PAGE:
Brain and Body

How do Ouija Boards Really Work?

October 9, 2015 | Kelly Tatera

Ouija board
Photo credit: Dave Winer/Flickr (CC BY-SA 2.0)

The science behind them is even creepier than you’d think.

It’s the spookiest month of the year, so it’s time to break out the Ouija boards and channel some dead spirits to answer your most burning questions. As if communicating with ghosts isn’t creepy enough, you’ll probably get even more freaked out when you realize all of the answers are coming from within you.

To use an Ouija board, someone first asks the spirits a question and then places their fingers on the pointer, called a planchette. Then, the spirits supposedly guide their hands across the Ouija board, leading to letters or numbers that spell out the answer. Serious Ouija boarders usually switch off all electronics so they don’t disturb the supernatural signal, and they light candles and incense to create a spiritual aura.

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While some people are painstakingly sure that a supernatural entity compelled their answers, others say ghosts don’t exist and that the whole thing’s a hoax. Luckily, science has an explanation for the mysterious workings of the Ouija board, and while it doesn’t involve ghosts and spirits, it’s just as bizarre.

It turns out that what causes the Ouija board to move is all inside our minds. The phenomenon, called the Ideomotor Effect, occurs when someone moves themselves or an object without being consciously aware of it. This psychological effect, along with a strong subconscious desire to find an answer for your question, causes players to move the planchette across the boards themselves — but they have no knowledge that they’re, in fact, physically moving it.

But it gets stranger. In a 2012 study at the University of British Columbia, researchers explored the ideomotor effect by asking subjects factual yes or no questions, first verbally and then with a Ouija board. For the Ouija board questions, the subjects were blindfolded and told that a partner would be moving the planchette with them, but the partner quickly removed their hands once the experiment started. When the participants weren’t sure about the answer to a question, they only answered it correctly 50 percent of the time when asked verbally. But intriguingly, when they responded with the help of the Ouija board, their answers increased to a 65 percent accuracy rate.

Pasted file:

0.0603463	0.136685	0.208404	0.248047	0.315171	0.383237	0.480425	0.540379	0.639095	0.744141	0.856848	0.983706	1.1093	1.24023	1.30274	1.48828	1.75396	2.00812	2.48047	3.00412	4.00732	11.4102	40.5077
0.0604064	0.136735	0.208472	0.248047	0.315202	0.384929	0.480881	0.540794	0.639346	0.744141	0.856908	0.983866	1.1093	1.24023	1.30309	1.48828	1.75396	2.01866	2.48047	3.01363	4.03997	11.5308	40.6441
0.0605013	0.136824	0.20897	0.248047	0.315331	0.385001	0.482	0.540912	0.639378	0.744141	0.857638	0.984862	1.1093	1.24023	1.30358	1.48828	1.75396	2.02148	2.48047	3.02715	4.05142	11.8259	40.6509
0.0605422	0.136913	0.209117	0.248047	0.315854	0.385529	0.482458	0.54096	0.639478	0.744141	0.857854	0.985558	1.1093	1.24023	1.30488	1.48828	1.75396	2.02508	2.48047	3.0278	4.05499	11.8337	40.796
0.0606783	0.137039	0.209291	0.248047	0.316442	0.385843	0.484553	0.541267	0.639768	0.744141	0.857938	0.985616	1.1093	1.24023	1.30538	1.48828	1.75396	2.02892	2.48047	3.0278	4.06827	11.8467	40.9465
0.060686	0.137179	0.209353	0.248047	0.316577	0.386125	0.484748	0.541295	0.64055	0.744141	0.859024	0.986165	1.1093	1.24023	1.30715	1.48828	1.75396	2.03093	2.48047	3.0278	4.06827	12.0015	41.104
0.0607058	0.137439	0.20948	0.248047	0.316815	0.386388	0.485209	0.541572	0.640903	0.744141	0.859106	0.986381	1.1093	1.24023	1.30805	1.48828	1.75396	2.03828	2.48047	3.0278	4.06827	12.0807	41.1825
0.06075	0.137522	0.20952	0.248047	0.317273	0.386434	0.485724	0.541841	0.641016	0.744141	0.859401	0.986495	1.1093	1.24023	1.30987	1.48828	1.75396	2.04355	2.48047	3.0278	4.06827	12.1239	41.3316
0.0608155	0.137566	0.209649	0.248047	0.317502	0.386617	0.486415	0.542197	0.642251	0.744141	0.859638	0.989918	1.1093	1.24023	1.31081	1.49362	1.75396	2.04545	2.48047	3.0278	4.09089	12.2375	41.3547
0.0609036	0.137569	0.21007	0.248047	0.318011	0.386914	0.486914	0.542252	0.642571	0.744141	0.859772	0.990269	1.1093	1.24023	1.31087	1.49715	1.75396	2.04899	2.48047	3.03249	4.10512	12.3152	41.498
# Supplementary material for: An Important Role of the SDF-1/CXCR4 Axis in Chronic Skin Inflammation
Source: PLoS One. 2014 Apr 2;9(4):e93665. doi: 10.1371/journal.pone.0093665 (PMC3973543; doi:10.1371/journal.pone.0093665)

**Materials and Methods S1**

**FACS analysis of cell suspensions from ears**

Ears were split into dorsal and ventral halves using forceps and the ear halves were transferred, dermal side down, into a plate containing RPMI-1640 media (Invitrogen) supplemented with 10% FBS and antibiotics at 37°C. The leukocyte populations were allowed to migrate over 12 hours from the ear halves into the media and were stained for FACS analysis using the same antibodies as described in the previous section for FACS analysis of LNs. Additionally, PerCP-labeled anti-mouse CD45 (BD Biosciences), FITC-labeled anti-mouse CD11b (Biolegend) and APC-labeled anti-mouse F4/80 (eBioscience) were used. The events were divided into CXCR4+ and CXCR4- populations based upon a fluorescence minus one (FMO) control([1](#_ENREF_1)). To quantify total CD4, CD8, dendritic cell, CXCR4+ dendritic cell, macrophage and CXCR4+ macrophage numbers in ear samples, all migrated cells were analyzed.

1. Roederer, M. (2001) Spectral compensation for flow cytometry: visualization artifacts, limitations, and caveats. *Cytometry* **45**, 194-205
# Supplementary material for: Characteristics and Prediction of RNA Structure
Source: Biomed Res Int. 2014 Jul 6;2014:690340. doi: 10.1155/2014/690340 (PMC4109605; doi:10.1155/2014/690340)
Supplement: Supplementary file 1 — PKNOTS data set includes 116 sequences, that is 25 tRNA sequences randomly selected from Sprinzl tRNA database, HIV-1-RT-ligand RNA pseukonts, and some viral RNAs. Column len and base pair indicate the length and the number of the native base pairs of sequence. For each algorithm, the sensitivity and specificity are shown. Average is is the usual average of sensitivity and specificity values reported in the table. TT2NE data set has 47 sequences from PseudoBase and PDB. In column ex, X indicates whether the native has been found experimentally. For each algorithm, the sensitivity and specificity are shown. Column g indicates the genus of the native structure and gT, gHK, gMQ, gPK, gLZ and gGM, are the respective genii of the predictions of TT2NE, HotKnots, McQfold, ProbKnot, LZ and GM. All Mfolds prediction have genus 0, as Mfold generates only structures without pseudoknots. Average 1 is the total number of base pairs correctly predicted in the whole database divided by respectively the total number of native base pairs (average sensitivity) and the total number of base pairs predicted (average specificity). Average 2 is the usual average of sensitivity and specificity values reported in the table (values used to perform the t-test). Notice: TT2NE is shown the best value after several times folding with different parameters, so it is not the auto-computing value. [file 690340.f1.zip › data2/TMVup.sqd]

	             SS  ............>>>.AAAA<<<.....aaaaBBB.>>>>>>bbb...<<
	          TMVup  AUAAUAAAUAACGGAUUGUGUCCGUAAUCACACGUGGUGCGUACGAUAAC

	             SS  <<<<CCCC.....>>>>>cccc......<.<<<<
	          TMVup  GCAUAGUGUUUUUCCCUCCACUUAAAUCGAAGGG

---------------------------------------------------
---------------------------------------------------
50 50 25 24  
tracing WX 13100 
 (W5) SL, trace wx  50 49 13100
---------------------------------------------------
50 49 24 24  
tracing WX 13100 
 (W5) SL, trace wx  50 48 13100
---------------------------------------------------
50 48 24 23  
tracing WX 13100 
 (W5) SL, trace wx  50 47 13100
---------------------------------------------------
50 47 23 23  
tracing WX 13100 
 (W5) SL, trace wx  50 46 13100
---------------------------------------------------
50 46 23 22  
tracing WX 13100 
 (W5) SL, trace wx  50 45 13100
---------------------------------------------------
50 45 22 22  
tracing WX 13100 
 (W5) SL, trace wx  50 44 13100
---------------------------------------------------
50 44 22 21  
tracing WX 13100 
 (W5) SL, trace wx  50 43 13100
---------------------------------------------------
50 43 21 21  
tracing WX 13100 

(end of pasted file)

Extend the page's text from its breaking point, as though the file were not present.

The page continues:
Using something as mysterious as a Ouija board might help us tap into our “second intelligence,” according to the study. Basically, if someone asked you who the president was in 1982, you might have no idea off the top of your head. But your subconscious mind might be able to recall that information from when you heard it years ago in a high school history lesson.
You might be disappointed if you were hoping this article would confirm the existence of ghosts and supernatural spirits, but the fact that Ouija boards are essentially a psychological experiment that taps into our subconscious minds is still pretty mind-bending. Plus, it’s probably even more useful that way — you can discover your friend’s deepest secrets and dazzle them with the wit hiding in your subconscious mind.

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